North Africa, West Asia

A letter from Alaa

Alaa Abdel Fattah, a prominent Egyptian blogger and activist, was arrested on 28 November 2013. This is a letter he wrote on 24 December 2013, from his prison cell to his sisters. openDemocracy is honoured to publish this letter to remind people on January 25, the anniversary of Egypt's revolution, of political prisoners everywhere.

Alaa Abdel Fattah
24 January 2014
Alaa Abdel Fattah

Alaa Abdel Fattah in Tahrir Square. Wikimedia/Lilian Wagdy. Some rights reserved.

To Mona & Sanaa,

I miss you a lot, though I see you more when I'm in prison than when I'm free. Maybe because when I'm not in prison I'm able to check up on you any time and to follow and understand your news. When I'm in prison we have to decide how we spend your short visits, which news we talk about. We split up the time carefully and of course I never get to hear all the little things that make you Mona and Sanaa. Mona's fights on Twitter or the romantic phases she goes through, whether Sanaa watched the latest Ahly match or the adventures she stumbles into.

This may be the hardest thing about being imprisoned, that someone else controls your time to this degree; to the point where you're even deprived of the right to worry: because I’m not going to know if Khaled's come down with a cold until after he's got better. That someone else controls the alignment of our feelings. For example, the snow storm...I got the stuff you sent to help me - only after it had ended. The whole country spent 4 days talking to each other about it, but by the time you came to visit I could only tell you that we'd dealt with it and that we’re OK; we weren’t able to even talk excitedly about how cold it had been. 

When I put all my clothes on together and laid my blankets on top of each other I thought that there are people who live in shacks or on the streets and that they have less clothes and less blankets than I do. But after the coldest night, when I decided that I had to block the windows in my cell, I realized that even the homeless can get up at any time they choose and try to deal with the cold. They may find a solution or they may not, but the feeling that an authority decides with bureaucratic randomness when to open my door or when I might find a bit of cardboard to block the window or when the guard on duty will get permission to bring a ladder so he can climb it and block the window is so oppressing that it hurts.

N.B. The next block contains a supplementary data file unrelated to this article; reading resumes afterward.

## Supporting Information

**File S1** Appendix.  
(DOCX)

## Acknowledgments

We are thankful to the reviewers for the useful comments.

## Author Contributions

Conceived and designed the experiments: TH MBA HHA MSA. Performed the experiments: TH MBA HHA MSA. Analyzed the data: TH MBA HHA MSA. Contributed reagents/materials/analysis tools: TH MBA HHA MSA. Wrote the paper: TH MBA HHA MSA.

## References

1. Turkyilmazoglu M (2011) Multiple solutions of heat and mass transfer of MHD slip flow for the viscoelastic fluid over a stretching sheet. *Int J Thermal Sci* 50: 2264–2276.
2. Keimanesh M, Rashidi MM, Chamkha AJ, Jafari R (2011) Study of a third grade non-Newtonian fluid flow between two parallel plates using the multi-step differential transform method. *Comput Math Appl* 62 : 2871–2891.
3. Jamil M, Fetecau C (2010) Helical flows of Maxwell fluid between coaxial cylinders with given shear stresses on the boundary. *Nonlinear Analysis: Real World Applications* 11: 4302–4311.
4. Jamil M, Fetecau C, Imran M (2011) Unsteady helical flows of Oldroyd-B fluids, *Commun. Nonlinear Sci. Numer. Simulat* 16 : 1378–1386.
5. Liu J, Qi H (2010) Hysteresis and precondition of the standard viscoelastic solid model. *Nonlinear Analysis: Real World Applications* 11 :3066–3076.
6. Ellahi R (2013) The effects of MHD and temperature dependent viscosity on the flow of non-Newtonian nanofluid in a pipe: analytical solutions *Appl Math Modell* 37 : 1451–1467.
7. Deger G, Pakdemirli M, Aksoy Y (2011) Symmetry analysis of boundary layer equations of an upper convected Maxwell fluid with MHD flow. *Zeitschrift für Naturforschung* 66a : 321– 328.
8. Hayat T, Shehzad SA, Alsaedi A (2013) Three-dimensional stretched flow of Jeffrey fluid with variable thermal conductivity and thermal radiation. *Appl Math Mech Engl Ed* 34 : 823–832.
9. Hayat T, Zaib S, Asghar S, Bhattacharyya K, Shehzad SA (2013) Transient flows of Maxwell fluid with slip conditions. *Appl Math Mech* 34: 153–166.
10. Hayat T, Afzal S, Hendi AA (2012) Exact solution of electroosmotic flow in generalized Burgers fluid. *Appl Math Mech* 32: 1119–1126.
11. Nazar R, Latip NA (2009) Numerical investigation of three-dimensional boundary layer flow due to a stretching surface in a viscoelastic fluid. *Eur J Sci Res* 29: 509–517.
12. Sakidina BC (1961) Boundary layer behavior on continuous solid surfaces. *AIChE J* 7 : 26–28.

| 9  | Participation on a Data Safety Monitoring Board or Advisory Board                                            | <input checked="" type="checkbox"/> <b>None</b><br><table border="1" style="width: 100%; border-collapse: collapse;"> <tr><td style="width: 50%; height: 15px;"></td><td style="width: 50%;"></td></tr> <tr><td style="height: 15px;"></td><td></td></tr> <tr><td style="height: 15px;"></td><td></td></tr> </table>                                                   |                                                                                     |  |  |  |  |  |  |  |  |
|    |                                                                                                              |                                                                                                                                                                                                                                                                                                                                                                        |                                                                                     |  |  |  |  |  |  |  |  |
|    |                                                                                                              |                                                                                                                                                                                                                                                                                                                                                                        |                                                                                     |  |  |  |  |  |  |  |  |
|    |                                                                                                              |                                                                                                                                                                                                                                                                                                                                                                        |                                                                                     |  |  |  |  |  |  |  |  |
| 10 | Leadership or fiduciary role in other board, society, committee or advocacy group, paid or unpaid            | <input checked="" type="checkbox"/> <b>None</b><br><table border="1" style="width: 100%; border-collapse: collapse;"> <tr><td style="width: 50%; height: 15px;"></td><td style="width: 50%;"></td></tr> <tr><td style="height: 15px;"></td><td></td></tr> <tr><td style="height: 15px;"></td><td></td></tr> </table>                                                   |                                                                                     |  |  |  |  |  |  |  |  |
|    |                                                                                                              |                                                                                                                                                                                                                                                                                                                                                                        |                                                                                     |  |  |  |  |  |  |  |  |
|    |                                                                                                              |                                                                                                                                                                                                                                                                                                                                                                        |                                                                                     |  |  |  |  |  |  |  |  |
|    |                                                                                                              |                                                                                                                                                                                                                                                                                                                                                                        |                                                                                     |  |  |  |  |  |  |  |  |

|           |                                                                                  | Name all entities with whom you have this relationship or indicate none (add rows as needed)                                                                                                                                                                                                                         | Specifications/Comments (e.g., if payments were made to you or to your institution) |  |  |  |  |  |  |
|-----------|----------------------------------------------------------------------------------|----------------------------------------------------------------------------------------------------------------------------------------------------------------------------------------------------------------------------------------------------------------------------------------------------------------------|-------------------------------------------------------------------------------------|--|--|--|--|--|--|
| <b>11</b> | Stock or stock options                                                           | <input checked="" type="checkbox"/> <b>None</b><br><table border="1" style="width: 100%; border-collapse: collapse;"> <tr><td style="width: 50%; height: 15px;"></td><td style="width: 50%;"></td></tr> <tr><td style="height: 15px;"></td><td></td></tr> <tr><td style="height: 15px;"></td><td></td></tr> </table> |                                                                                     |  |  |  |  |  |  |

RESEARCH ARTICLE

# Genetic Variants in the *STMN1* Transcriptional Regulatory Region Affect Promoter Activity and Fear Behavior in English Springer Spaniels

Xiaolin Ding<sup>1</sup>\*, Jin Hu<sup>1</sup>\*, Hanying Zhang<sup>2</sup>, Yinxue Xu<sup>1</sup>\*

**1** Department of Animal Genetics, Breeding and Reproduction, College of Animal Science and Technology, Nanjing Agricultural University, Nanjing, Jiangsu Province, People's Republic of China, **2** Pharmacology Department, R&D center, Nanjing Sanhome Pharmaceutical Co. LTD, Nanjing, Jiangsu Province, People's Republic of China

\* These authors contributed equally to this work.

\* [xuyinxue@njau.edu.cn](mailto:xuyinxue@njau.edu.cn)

I imagine you're dealing with a similar feeling when you look for ways to meet my needs within the confines of the prison rules. Heavy white clothing without markings. I heard that Maha Maamoun had to take apart re-put together the jackets so they could be allowed in - and by then it was 20 degrees again :-)

And I don’t know who it was who walked all over downtown to find a store that still sells a single frequency radio and why anyway should they have to?

But all these are just annoyances that confirm the idea of imprisonment: that your will is completely taken away from you and someone else controls your time and your body. The problem is that he controls my soul, he decides when I get to see Manal and Khaled and how much I can kiss and hug them.

And what's more scary is that it could become less. If I'm sentenced my visits will be every two weeks not every week. Newspapers talk about a new system where visits are through glass cabins and telephone lines. If this happens I won't be able to touch you. How can I connect with Khaled like that?

And what's truly miserable is that people who were reasonable just yesterday now write articles urging that wives and children's visits should be barred to stop the Muslim Brotherhood giving out orders and assignments! As if the prisoner isn't a human being in the first place. 

Or those who're still pretending to be reasonable and writing about how the verdicts of Maher, Douma, and Adel are a result of the wrong political decisions taken by April 6th and the loss of their popularity, as if Ahmed Maher is just an idea or as if the man they've imprisoned is a theoretical entity named April 6 not a human being who has a 5-year old daughter to whom he's having difficulty explaining where he is and why he's not with her and when he'll be back. 

Anyway, reading the newspapers has become irritating; it's different from the other times I've been in prison - but it passes time. One result of having someone else control your time is that you have a lot of time you don’t know what to do with.